Waynesboro Council approves liquor license for Hoover House

November 04, 2004|by RICHARD F. BELISLE

WAYNESBORO, PA.- A request to transfer a liquor license from a Chambersburg, Pa., establishment to the new owners of the Hoover House on West Main Street was approved unanimously without comment Wednesday by the Waynesboro Borough Council.

The request was made by John and Barbara Persun, who bought the 92-year-old Waynesboro landmark earlier this year. The couple wants to turn the stately 15-room home at 227 W. Main St. into an upscale, 50-seat, period-style tavern and restaurant on the first floor and make living quarters for themselves on the two top floors, Barbara Persun said following Wednesday's meeting.

The council held a public hearing on the Persuns' request on Oct. 20. Three area tavern owners were there to protest the license transfer.


Pennsylvania liquor laws allow one license per 3,000 residents.

The quotas were established in the 1930s following the repeal of Prohibition.

Several bar owners who attended the October hearing sat quietly through Wednesday's council meeting.

They said afterward that they felt there already were too many licensed establishments in the borough.

John Miller, owner of Pappy's Pub at 220 W. Main St., across from the Hoover House, said the bar owners are asking the Pennsylvania Liquor Control Board to hold a public hearing in Waynesboro on the Persuns' request.

The state board has the final say in license transfers.

James Strong, the Persuns' attorney, said the application process with the liquor board could take up to four months.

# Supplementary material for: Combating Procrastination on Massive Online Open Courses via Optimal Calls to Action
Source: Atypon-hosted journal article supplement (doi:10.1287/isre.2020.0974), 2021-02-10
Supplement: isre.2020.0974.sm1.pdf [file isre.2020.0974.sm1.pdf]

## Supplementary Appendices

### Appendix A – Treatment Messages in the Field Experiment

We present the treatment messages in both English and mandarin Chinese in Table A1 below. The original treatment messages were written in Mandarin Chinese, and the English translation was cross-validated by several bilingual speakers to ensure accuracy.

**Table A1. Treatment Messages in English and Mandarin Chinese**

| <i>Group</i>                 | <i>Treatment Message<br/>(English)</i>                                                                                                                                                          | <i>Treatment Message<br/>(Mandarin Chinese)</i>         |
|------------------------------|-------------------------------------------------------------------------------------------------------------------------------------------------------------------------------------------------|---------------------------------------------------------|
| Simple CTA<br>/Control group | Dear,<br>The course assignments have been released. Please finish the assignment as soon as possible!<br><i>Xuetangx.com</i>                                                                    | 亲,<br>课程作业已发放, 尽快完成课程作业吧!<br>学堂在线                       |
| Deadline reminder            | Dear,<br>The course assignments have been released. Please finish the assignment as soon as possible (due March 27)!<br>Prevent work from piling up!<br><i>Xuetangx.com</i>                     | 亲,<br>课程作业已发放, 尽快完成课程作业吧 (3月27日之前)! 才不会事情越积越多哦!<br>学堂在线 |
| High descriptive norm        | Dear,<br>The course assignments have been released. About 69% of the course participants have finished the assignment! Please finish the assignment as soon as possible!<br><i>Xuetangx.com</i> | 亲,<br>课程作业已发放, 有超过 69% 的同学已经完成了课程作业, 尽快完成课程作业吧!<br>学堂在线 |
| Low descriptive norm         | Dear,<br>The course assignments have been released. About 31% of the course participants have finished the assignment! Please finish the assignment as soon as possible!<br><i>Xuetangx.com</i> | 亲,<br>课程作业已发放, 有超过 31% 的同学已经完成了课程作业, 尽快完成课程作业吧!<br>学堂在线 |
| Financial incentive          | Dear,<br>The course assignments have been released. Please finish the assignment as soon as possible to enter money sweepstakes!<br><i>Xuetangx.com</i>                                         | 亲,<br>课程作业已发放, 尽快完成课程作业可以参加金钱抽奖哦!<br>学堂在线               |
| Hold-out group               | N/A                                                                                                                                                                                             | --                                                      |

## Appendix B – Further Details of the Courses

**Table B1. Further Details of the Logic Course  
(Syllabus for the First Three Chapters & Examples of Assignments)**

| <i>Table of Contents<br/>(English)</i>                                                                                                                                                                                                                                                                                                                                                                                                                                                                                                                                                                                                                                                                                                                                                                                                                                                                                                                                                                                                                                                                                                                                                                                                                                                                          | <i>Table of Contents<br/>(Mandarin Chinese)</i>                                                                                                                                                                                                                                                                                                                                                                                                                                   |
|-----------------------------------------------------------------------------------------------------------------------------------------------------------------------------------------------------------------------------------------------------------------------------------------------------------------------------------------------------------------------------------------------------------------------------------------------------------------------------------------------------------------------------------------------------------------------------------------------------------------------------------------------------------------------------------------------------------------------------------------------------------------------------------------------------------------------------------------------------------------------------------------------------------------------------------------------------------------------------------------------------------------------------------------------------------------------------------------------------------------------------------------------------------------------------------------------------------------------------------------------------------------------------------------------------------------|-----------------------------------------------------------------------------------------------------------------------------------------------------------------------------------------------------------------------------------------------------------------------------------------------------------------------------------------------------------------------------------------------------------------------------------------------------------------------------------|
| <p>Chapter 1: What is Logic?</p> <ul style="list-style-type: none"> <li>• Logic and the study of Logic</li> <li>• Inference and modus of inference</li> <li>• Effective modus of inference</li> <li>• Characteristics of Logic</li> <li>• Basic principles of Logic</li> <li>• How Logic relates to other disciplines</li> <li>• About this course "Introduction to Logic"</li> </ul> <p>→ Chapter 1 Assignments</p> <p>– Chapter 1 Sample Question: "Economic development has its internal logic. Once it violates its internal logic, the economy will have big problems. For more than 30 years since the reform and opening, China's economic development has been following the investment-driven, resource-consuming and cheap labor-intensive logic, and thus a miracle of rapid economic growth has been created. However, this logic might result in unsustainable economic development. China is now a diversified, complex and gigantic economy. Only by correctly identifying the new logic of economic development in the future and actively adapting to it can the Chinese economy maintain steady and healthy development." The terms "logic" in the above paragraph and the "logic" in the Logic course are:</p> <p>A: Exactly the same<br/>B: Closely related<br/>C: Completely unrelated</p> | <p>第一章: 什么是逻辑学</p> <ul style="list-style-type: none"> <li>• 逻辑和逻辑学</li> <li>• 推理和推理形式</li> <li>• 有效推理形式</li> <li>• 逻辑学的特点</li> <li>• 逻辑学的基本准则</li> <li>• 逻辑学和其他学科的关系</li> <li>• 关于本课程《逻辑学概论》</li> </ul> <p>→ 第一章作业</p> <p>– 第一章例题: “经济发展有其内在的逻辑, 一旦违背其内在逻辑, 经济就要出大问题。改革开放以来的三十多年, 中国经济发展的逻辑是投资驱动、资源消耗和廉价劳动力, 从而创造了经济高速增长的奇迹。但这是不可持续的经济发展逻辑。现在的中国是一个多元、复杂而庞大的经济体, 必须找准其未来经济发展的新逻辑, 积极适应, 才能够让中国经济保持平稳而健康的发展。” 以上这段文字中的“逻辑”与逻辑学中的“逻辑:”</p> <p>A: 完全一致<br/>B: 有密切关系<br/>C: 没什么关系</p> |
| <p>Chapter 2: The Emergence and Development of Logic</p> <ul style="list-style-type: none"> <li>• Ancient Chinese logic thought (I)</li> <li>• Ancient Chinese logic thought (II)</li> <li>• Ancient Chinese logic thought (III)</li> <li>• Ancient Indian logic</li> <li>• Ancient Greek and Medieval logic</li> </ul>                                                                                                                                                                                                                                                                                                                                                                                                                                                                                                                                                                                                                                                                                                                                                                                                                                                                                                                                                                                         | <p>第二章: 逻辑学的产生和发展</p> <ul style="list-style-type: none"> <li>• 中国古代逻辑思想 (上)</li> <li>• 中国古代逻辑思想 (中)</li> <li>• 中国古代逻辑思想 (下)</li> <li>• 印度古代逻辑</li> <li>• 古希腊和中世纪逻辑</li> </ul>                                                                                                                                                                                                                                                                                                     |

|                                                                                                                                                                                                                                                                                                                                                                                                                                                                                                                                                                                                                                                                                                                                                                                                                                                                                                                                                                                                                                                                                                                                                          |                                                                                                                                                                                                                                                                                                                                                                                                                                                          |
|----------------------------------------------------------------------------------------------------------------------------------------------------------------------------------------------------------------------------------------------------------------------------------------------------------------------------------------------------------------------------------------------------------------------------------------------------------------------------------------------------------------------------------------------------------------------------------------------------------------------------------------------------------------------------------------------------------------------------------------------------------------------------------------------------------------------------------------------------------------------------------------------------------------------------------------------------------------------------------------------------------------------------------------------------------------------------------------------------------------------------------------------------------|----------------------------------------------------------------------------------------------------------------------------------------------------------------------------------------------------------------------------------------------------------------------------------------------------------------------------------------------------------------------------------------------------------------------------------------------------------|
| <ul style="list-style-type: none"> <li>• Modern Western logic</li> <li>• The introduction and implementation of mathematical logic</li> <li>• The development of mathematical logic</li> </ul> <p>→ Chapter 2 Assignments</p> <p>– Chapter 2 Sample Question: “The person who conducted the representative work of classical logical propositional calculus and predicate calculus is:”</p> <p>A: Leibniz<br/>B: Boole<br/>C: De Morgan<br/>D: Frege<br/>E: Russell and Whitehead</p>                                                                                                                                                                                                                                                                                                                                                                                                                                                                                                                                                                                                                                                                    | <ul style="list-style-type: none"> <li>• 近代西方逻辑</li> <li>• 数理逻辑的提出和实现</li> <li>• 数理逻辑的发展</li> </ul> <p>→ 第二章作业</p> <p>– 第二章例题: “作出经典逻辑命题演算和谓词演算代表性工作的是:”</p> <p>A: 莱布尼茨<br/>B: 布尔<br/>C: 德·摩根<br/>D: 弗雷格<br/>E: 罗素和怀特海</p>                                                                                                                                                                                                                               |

Liquor licenses can be sold or transferred in Pennsylvania. The bar owners and the Persuns agreed that the average selling price of a license in Waynesboro can run from $100,000 to $150,000.

Miller said there are three state-licensed establishments within two blocks of the Hoover House.

"It's just one more place to drink," Miller said. "Waynesboro is going to get the reputation of having a bar on every corner."

Donald Truett, owner of the Park Tavern at 132 E. Fifth St. across town, joined Miller and Debbie Rager, owner of Mathias Restaurant at 300 Cleveland Ave., in opposing the Hoover House plan.

Rager said there is nothing personal in the bar owners' opposition. "We all have to find a way to co-exist. We don't have the economic structure to support another place," she said. "Waynesboro is a blue-collar town. God bless them if they make it."

The bar owners agreed that the clientele that the Persuns expect to patronize their new restaurant won't be the same as those who enjoy their establishments.

"There's no other place like this in Waynesboro," Barbara Persuns said. Their restaurant will not be competing for the local tavern business, she said.

MaryBeth Hockenberry, executive director of the Greater Waynesboro Area Chamber of Commerce, spoke in support of the Persuns' proposal at the October hearing, saying the area is growing and needs another restaurant to help with the revitalization effort of downtown Waynesboro.

It could not be learned Wednesday when and if the Pennsylvania Liquor Control Board would schedule a hearing.

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